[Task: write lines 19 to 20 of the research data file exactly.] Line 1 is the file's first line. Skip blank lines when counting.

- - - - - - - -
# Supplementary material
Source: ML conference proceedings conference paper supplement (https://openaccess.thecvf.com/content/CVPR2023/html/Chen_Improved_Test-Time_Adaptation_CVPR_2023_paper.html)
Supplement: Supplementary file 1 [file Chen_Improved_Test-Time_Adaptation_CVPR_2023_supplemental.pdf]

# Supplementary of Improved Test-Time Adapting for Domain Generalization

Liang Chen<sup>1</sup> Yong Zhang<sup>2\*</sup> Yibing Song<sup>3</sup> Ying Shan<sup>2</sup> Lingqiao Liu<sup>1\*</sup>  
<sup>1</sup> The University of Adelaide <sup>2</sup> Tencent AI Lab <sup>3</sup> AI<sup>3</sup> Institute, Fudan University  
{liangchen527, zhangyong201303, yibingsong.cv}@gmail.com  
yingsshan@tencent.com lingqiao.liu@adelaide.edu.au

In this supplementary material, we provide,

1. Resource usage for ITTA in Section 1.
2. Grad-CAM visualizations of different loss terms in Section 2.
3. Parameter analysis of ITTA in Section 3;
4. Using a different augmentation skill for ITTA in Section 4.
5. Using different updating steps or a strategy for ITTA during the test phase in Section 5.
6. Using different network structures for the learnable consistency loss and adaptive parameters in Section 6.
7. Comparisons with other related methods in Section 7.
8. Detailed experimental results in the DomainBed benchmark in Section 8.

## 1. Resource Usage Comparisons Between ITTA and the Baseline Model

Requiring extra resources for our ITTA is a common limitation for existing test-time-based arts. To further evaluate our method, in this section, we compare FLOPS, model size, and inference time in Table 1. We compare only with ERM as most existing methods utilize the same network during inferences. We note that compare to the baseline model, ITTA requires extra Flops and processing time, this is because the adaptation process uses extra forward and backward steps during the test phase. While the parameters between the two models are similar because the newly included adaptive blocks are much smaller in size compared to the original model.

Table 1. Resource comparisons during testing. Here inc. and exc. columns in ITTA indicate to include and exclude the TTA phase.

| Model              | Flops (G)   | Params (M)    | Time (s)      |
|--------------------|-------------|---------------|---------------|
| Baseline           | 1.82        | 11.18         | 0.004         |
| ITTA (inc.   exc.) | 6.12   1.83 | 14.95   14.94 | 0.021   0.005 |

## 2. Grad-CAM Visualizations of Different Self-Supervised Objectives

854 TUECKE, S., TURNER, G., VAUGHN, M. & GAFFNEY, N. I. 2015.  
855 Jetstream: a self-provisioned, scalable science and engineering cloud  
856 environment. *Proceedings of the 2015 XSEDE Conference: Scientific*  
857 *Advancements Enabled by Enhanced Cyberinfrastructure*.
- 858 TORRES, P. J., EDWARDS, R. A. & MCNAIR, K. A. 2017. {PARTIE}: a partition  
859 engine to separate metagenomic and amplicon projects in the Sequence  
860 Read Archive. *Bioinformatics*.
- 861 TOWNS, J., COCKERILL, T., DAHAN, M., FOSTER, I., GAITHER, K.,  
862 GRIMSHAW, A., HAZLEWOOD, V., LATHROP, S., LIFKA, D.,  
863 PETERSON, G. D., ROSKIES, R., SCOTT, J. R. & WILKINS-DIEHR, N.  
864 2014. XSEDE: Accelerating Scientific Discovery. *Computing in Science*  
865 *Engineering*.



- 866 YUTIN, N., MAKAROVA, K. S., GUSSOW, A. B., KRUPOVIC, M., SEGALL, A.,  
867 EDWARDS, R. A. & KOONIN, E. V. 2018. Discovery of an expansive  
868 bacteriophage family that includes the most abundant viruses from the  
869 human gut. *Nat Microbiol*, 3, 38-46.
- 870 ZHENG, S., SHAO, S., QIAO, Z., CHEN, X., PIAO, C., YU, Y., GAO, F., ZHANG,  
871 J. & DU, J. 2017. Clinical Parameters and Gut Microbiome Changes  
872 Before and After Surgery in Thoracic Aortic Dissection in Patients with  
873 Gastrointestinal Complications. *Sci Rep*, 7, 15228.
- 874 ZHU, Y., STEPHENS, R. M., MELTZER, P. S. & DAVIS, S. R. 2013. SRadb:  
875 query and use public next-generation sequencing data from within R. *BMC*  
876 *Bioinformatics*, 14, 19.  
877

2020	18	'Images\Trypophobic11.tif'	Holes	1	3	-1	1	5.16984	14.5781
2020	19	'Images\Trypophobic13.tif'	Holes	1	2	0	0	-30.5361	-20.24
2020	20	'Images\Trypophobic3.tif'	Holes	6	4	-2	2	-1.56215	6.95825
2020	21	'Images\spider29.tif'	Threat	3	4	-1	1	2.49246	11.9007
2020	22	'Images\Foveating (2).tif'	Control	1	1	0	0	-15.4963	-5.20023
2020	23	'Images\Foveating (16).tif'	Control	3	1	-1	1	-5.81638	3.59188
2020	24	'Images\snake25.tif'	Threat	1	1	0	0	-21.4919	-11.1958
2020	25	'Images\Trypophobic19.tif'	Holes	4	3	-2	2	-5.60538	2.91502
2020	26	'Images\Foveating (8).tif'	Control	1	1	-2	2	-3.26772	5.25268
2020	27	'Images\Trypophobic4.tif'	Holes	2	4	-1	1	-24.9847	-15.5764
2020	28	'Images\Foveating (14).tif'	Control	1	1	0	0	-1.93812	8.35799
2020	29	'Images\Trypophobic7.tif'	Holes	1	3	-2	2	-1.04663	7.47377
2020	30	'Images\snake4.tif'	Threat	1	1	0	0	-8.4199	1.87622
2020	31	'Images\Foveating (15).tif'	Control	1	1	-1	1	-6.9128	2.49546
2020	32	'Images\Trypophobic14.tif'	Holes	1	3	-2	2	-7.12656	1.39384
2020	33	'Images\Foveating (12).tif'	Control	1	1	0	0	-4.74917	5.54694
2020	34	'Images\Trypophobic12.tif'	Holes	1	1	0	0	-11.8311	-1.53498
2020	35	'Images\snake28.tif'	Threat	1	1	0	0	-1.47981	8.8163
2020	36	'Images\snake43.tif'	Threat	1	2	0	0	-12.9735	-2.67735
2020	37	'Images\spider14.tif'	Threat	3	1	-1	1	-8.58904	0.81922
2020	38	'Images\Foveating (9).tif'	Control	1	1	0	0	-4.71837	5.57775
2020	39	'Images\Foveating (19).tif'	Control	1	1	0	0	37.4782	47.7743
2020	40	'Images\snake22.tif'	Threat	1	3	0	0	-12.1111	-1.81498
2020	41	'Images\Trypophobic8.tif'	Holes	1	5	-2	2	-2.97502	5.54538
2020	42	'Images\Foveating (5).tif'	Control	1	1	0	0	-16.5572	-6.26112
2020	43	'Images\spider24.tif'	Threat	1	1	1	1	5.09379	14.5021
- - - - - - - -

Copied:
Requiring extra resources for our ITTA is a common limitation for existing test-time-based arts. To further evaluate our method, in this section, we compare FLOPS, model size, and inference time in Table 1. We compare only with ERM as most existing methods utilize the same network during inferences. We note that compare to the baseline model, ITTA requires extra Flops and processing time, this is because the adaptation process uses extra forward and backward steps during the test phase. While the parameters between the two models are similar because the newly included adaptive blocks are much smaller in size compared to the original model.

Table 1. Resource comparisons during testing. Here inc. and exc. columns in ITTA indicate to include and exclude the TTA phase.